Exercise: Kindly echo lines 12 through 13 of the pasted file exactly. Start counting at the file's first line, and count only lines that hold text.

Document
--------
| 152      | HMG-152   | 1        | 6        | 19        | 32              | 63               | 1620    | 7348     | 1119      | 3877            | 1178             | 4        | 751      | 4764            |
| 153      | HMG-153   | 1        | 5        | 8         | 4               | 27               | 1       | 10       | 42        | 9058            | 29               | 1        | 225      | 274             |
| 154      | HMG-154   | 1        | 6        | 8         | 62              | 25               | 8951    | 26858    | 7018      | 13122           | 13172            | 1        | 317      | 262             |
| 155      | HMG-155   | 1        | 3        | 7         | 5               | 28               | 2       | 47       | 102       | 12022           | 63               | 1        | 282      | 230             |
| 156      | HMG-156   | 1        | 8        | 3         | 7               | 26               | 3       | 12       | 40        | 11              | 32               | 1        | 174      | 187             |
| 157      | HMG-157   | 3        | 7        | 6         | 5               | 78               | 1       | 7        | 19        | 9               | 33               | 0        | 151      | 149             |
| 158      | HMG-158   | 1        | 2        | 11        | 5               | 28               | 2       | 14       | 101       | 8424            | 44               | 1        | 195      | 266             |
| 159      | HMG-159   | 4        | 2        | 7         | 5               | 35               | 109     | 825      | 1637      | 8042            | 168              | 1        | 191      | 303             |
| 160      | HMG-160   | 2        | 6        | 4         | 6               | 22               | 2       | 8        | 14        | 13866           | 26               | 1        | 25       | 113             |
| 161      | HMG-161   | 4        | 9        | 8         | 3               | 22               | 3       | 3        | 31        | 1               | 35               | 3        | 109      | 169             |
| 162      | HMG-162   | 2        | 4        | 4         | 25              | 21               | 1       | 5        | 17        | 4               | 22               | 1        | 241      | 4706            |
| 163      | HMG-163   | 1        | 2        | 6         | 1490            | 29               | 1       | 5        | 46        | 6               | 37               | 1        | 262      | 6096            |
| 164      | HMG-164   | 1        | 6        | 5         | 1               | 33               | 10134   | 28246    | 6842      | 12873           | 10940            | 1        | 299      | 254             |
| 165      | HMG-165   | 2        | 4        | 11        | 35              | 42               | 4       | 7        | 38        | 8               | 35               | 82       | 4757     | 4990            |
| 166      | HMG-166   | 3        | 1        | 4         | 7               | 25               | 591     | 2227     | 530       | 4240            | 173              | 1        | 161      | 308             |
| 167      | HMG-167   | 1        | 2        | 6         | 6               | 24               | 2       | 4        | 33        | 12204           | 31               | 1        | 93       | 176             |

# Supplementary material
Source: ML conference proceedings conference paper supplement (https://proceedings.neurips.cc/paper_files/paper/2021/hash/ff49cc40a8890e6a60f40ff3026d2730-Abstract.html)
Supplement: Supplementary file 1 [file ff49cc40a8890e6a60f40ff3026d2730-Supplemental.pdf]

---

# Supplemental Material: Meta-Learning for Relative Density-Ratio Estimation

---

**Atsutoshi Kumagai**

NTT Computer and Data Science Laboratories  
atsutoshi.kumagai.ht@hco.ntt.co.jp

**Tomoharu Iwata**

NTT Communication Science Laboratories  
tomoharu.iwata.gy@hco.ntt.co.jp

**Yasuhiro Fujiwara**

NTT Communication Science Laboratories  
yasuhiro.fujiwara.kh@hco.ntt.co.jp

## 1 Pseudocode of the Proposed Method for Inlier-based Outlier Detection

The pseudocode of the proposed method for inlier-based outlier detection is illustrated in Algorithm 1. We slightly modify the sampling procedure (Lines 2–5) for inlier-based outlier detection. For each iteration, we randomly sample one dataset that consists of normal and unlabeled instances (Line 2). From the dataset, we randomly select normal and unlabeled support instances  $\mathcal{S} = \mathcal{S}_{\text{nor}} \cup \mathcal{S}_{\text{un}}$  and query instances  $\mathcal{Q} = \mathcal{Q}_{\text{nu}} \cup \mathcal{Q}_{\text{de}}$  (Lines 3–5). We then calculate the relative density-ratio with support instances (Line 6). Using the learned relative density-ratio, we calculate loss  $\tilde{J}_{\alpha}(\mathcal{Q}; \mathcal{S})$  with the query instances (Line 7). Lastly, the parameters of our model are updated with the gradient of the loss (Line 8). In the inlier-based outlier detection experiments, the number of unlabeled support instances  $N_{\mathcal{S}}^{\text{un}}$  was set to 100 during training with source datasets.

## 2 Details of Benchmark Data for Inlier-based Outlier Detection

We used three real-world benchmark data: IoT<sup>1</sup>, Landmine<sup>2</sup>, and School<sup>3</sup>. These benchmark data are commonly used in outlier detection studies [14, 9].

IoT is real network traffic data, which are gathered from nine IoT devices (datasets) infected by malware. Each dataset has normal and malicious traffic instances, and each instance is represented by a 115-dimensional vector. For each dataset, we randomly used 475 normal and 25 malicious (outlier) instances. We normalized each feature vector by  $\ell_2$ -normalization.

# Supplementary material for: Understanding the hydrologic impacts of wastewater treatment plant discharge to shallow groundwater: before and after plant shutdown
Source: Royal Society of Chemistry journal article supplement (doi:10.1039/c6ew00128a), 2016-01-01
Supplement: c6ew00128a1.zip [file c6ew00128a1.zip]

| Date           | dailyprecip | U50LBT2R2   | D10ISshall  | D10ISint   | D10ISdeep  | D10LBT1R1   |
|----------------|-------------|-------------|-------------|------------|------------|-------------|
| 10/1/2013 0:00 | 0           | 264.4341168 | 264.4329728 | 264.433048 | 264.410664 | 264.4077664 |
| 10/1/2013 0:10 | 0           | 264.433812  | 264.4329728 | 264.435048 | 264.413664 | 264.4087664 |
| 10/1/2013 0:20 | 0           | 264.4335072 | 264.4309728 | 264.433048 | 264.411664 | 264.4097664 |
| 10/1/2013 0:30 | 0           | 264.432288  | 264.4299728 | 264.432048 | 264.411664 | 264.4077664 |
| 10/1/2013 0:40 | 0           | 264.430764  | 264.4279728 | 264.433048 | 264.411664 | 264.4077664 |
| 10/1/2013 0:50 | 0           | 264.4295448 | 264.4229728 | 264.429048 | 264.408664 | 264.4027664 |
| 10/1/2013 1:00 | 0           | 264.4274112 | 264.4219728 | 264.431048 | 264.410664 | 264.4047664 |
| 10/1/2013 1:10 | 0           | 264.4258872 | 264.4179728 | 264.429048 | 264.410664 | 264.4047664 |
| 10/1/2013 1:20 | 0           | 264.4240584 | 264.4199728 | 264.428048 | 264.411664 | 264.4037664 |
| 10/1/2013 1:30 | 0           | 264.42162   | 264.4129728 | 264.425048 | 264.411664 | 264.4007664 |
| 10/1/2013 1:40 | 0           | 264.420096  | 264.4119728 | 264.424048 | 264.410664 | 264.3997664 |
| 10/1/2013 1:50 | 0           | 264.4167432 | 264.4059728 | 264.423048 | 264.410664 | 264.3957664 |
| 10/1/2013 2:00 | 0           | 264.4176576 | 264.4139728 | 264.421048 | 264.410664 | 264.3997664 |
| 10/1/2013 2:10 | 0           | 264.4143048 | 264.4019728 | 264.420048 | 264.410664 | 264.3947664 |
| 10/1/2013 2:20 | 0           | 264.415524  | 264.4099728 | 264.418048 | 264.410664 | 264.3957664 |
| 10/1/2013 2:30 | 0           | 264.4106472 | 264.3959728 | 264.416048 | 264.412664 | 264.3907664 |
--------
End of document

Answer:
| 163      | HMG-163   | 1        | 2        | 6         | 1490            | 29               | 1       | 5        | 46        | 6               | 37               | 1        | 262      | 6096            |
| 164      | HMG-164   | 1        | 6        | 5         | 1               | 33               | 10134   | 28246    | 6842      | 12873           | 10940            | 1        | 299      | 254             |